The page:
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Amazon’s Embattled Reviews Make Another Change

Amazon reviews are slowly becoming a digital battleground of the future. Or petering out as one, depending on you ask. However, whether it’s using Amazon reviews to “review bomb” folks whose politics other folks disagree with, or paying a click-farm in China to generate thousands of fake reviews, Amazon’s review system seems almost destined to be at the constant forefront of unscrupulous folks thinking “How can I use this to my advantage/other’s disadvantage?”

With that sort of activity going on (and the almost Hipster-ish dislike for Amazon now that they’ve managed to stand head and shoulders above their rivals), it really shouldn’t have been surprising to me when a long-time fan of my works contacted me to let me know that they were no longer able to post Amazon reviews, and thus they wouldn’t be able to add their review of my latest to Amazon’s page for such.

The reason? Well, Amazon has a new review policy: To leave a review, you have to be a customer in good standing. You can’t have been spamming the site with reviews that are clearly fake, participated in review-bombing, stuff like that. But there’s another new requirement now.

In order to remain “in good standing” you have to be an Amazon customer, having spent at least $50 with them in the last year.

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The Official Spoiler-Filled Shadow of an Empire Discussion Thread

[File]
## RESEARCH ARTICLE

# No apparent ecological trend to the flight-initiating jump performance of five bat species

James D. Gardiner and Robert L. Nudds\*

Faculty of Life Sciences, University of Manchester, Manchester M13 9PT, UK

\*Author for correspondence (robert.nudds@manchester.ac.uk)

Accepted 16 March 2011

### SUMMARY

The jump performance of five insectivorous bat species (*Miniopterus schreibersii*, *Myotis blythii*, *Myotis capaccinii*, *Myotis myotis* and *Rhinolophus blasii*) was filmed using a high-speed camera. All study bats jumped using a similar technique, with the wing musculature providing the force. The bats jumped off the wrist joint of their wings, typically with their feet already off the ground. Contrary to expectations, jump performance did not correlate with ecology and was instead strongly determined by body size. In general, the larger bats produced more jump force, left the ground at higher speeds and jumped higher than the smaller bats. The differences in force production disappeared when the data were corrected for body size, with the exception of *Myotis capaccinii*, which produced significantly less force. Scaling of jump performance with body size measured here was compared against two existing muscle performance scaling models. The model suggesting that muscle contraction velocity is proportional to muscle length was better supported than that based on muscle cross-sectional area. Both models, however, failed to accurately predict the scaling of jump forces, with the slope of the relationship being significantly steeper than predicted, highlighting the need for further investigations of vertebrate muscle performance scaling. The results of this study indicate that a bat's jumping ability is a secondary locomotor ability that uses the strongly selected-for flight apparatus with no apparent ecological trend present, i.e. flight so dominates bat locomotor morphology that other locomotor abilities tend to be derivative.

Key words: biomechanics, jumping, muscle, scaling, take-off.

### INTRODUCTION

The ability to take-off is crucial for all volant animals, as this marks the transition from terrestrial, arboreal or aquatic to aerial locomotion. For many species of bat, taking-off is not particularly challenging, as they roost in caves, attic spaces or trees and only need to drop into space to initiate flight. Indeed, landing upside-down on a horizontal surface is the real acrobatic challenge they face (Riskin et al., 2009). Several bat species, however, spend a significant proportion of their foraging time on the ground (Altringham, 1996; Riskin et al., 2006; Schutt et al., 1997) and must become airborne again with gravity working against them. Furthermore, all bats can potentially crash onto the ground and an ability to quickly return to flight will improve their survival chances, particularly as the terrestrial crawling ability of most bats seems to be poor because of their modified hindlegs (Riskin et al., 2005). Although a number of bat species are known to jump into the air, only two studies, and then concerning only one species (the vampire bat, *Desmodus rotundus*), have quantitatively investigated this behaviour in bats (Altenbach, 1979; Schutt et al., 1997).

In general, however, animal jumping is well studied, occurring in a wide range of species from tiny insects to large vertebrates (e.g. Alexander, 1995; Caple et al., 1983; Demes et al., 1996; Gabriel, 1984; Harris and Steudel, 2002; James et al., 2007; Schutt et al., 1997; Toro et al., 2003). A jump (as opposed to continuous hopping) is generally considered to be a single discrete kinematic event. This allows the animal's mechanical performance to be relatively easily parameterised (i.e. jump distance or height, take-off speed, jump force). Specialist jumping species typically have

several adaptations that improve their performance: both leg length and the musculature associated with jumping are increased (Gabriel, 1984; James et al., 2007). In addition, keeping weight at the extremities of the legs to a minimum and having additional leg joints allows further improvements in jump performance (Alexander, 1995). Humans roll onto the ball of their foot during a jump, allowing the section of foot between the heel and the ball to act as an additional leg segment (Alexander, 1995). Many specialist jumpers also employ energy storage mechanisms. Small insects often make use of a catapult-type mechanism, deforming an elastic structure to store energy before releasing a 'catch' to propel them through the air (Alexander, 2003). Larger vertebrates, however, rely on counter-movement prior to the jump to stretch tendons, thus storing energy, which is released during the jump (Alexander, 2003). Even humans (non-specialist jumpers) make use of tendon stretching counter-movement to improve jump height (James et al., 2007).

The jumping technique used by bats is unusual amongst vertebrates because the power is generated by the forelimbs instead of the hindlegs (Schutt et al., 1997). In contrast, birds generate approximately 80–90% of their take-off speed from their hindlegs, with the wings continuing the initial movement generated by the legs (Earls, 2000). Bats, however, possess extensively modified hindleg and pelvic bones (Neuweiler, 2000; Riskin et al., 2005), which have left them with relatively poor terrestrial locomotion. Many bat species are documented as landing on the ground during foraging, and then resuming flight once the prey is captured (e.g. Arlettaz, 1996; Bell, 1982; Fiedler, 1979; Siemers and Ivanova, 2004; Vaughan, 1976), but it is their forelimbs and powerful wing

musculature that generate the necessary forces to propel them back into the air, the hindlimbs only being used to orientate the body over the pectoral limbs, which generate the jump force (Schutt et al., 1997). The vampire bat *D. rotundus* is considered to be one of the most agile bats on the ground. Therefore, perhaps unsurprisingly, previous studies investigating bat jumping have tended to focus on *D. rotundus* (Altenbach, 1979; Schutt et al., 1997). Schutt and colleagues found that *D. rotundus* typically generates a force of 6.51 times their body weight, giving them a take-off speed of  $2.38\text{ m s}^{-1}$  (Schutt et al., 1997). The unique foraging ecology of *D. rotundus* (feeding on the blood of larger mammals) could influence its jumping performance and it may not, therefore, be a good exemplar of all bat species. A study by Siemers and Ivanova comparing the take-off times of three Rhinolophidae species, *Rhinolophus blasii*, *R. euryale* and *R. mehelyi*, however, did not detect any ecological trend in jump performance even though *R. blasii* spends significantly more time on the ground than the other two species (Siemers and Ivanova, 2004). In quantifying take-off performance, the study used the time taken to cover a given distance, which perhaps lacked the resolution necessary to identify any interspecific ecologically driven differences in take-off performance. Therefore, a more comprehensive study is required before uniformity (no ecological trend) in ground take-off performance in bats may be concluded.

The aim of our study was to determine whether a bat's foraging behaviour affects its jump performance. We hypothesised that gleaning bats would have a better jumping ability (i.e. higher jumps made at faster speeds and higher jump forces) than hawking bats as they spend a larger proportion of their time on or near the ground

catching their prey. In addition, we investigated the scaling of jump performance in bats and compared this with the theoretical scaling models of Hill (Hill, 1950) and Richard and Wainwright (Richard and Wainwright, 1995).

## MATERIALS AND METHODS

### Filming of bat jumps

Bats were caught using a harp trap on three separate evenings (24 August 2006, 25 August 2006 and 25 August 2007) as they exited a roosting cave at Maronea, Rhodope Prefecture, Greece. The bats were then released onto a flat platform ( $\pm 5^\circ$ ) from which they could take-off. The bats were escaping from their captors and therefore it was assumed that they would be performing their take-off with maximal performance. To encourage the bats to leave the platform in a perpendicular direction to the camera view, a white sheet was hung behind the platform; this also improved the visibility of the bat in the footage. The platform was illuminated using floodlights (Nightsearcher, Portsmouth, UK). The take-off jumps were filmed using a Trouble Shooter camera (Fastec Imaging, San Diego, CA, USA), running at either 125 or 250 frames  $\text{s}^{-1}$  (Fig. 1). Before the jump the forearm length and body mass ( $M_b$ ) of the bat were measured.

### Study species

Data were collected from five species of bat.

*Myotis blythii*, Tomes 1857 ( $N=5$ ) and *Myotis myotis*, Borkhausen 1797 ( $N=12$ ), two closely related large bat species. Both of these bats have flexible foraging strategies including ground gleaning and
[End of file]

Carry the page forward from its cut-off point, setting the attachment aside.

This post is not for those of you who have not read Shadow of an Empire yet. Why? Because it’s full of spoilers. Or will be. I’m not going to be the one posting them.

Yeah, this is a bit experimental, but it’s my site, so I try what I like. This post is for all those readers of Shadow of an Empire who want somewhere to talk about it, open for spoilers. You can geek out about the ending, discuss your favorite characters, whatever!

Obviously, I recommend not reading these comments unless you’ve already read the book, or you really desire to have one of the best books you’ll read this year spoiled for you. Because these comments? There will be spoilers.

That’s all there is to it. Read the book? Looking for someplace to chat about it with others that have finished it and unable to find anything on TV Tropes? This is the place to be! Hit comments and go!

The Indie Hypocrisy: Reactions

Wow, guys. Just wow. I’ve been floored by the reaction to The Indie Hypocrisy. And with good reason.

Let me put it this way. My top post of all time for number of hits was 2016’s You Just Keep Pushing Me Away, a commentary piece on the lack of research in Literary writing that, over a few days, racked up 7,000 hits. Since a lot of other posts only range around 500 to two or three thousand, that 7,000 in a few days has definitely been the peak so far. That post had hits from all over.

But even with that, how many comments did it accrue? Just 20, including my own responses.

Meanwhile, The Indie Hypcrisy had nothing close to that. It’s still sitting at just over 200 views. Not bad, but nothing like YJKPMA. At the same time, however … Those of you who read TIH definitely had a lot more to say than those who read YJKPMA. At this exact moment, TIH is standing tall, I believe, with one of the largest comment chains in recent memory. To whit, between this site and my fanfic profile (where a short intro to the post also goes up), TIH racked up a grand total of 62 comments.

Best part is, these weren’t just the “Huh, sounds good” kind of comments. These were thoughtful comments, either pitching in with suggestions as to why such a disparity could be, questioning or pointing out the differences of indie books and other indie genres, or even discussing points raised by other commentators.